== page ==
Trust the process
Your new process should be something along the lines of this framework:
1. Performance Enablement is not Performance Measurement
For a lot of companies, this either is the same thing or their process keeps them intertwined. There should be a clear separation between the two. Measurement is trying to determine how well a person performed over a certain period — eg. Ratings. Enablement is everything that concerns coaching and the development of people. Companies should try to enable their people to the best of their abilities, and a good start is to implement a continuous process with feedback and frequent one-on-one’s. However, if enablement coincides with the measurement, people will rarely be honest about development and will avoid revealing areas of improvement.
By separating these two, you can really focus on enablement during your coaching conversations, in a safe environment where development is key. These talks have no impact on how a person is measured, or compensated. So you’re left with two different processes: One that measures performance, and one — more frequent — that enables performance through regular conversations. Using a tool helps structure these processes, and gives both employees and managers a platform to focus on development. Ask us about the check-ins process in intuo!
2. The process
We want to encourage people to grow into high performers, so an alternative way of determining who is and who isn’t becomes really important. In most companies people generally have a good feeling as to who’s who, but it’s up to the managers, or a committee of, to make the decision.
A first step is creating a continuous process, with a lot of touch-points and ideally with feedback incorporated. This gives managers more input, without actively having to solicit opinions from people in her team. It also allows you to act quickly, rather than waiting to re-act.
A continuous process means moving from a few moments in the year, to frequent moments where a manager will have to allocate time to one-on-one’s and coaching. This makes it a company’s responsibility to invest in coaching and training the managers to create as many high performers as possible.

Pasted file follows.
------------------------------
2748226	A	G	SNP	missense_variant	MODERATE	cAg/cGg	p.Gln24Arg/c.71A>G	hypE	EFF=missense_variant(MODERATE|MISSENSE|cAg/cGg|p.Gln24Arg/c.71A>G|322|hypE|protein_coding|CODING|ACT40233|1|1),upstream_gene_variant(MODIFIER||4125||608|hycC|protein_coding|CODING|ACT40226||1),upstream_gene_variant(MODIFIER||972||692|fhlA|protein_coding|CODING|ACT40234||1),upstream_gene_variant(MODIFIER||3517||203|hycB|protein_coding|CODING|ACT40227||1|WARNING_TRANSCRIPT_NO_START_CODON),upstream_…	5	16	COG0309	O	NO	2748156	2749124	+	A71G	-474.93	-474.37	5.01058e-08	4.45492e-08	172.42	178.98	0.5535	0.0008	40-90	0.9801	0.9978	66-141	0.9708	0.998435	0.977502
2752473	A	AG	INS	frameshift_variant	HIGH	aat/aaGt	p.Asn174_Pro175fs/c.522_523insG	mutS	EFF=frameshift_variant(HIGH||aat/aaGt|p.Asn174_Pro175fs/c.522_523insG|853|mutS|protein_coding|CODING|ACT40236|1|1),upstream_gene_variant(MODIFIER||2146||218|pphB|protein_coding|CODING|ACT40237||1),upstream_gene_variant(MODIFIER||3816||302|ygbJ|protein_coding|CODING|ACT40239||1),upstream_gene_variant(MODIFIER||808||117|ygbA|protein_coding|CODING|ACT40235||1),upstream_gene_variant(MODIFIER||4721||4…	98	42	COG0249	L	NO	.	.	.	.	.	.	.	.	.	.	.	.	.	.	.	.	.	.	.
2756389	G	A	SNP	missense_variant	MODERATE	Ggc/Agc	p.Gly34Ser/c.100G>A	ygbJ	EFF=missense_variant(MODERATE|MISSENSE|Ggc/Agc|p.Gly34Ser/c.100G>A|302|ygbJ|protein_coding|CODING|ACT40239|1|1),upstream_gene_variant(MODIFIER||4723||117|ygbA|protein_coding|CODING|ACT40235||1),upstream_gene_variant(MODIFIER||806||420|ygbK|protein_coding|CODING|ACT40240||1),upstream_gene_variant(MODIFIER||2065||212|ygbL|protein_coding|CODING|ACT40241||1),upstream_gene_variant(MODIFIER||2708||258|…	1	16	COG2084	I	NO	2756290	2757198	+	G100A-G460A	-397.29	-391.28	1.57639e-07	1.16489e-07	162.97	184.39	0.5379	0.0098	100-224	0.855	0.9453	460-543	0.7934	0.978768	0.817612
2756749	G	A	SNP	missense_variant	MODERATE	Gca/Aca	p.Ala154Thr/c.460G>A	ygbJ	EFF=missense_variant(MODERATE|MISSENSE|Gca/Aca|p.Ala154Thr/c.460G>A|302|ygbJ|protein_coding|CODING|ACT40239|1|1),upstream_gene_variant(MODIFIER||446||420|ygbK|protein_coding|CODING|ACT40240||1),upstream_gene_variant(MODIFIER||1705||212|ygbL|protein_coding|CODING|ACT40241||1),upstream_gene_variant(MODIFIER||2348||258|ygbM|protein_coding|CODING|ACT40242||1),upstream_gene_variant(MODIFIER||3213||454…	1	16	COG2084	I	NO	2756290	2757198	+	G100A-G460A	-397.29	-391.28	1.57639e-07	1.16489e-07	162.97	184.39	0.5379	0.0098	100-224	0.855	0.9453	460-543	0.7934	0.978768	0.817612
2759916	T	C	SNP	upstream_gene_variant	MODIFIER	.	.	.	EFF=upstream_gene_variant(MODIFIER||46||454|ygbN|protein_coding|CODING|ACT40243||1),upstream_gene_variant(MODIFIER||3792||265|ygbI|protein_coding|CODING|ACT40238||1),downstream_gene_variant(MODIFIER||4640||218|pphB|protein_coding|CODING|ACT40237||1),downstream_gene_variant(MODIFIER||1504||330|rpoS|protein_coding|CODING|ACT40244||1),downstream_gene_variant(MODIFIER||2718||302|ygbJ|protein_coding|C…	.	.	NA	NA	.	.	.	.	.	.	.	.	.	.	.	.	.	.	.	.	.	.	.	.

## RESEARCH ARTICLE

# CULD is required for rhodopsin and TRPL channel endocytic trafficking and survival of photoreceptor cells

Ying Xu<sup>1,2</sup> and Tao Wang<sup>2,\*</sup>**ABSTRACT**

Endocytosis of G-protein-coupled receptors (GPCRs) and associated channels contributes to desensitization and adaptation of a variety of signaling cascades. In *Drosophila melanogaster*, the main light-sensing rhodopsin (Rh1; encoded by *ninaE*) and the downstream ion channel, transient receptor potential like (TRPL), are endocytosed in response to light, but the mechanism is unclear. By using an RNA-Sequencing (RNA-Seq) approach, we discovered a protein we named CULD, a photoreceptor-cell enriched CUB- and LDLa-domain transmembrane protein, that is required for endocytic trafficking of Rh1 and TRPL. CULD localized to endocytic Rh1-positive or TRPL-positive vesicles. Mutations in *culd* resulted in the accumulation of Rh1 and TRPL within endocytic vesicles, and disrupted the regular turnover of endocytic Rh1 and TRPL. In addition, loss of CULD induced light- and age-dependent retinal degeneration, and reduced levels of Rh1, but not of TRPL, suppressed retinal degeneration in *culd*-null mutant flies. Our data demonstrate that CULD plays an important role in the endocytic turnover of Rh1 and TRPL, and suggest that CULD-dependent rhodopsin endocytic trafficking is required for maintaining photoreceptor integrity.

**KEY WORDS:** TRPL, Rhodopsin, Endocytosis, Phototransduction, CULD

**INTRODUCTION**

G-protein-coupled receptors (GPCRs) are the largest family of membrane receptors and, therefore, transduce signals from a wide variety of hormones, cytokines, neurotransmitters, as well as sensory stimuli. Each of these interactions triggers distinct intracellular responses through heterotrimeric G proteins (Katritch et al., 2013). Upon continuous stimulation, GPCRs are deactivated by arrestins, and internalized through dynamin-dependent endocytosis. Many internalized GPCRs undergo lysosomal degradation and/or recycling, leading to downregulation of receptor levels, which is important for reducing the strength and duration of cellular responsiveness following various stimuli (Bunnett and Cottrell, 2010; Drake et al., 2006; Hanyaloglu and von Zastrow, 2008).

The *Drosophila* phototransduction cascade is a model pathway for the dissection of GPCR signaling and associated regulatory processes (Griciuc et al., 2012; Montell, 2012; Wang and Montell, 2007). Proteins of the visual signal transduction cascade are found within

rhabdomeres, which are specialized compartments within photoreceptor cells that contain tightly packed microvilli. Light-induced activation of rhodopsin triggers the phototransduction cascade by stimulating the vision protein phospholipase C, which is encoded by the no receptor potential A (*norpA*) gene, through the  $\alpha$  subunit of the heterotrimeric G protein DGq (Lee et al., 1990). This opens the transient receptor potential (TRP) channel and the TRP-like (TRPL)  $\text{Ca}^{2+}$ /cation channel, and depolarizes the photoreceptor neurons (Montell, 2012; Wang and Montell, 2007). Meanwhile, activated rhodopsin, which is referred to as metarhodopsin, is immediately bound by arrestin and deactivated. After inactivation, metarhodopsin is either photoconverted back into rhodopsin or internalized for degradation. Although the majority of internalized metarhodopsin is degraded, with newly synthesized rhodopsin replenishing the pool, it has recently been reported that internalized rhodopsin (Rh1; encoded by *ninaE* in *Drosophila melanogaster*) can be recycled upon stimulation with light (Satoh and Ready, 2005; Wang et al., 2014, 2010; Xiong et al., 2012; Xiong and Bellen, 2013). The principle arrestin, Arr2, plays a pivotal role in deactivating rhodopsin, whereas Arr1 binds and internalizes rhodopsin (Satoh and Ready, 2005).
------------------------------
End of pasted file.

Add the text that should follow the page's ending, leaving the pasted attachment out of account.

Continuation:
Since we want the manager to have more autonomy when evaluating an employee (see below), it’s important to provide them with as much information as possible. Using the right performance data and input will get you a long way. Crowdsource your information, collect opinions from clients and have continuous conversations and feedback in order to solidify your evaluation.
For example GE, who as mentioned have stepped away from rankings, rolled out their own app to collect data. It’s up to today’s companies to equip their managers — and generally their workforce — with the right tools to aid them in the detection of high and low performers. Feel free to contact us to see if intuo’s app could help you get the input you need.
It’s okay if you’re still skeptical up to this point. Patty McCord, Chief Talent Officer at Netflix from 1998 until 2012 said this⁹: “HR people can’t believe that a company the size of Netflix doesn’t hold annual reviews. “Are you making this up just to upset us?” they ask. I’m not. If you talk simply and honestly about performance on a regular basis, you can get good results — probably better ones than a company that grades everyone on a five-point scale.”
As far as bonuses are concerned, there’s no one-size-fits-all. For example Netflix didn’t use any performance based bonuses. People with the right attitude — growth mindset — won’t work harder or suddenly get smarter due to a bonus. I personally feel additional raises given by the manager is the right way to go. This makes it even more clear that one of the main priorities within in company should be educating and providing the managers with the tools to do so.
3. The bulk
When stepping away from the traditional yearly process towards a continuous way of evaluations, compensation will still need to be determined. As we’ve covered in this article, the current yearly process of determining the rating and more pressingly the level of averageness for the bulk of your employees is very time-consuming and doesn’t really scratch the right itch.
Along with the new mindset (focus on growth), let everyone know that if they meet expectations and are on par they will follow an external benchmark. This assures that wages are competitive compared to the market, and saves you heaps of time.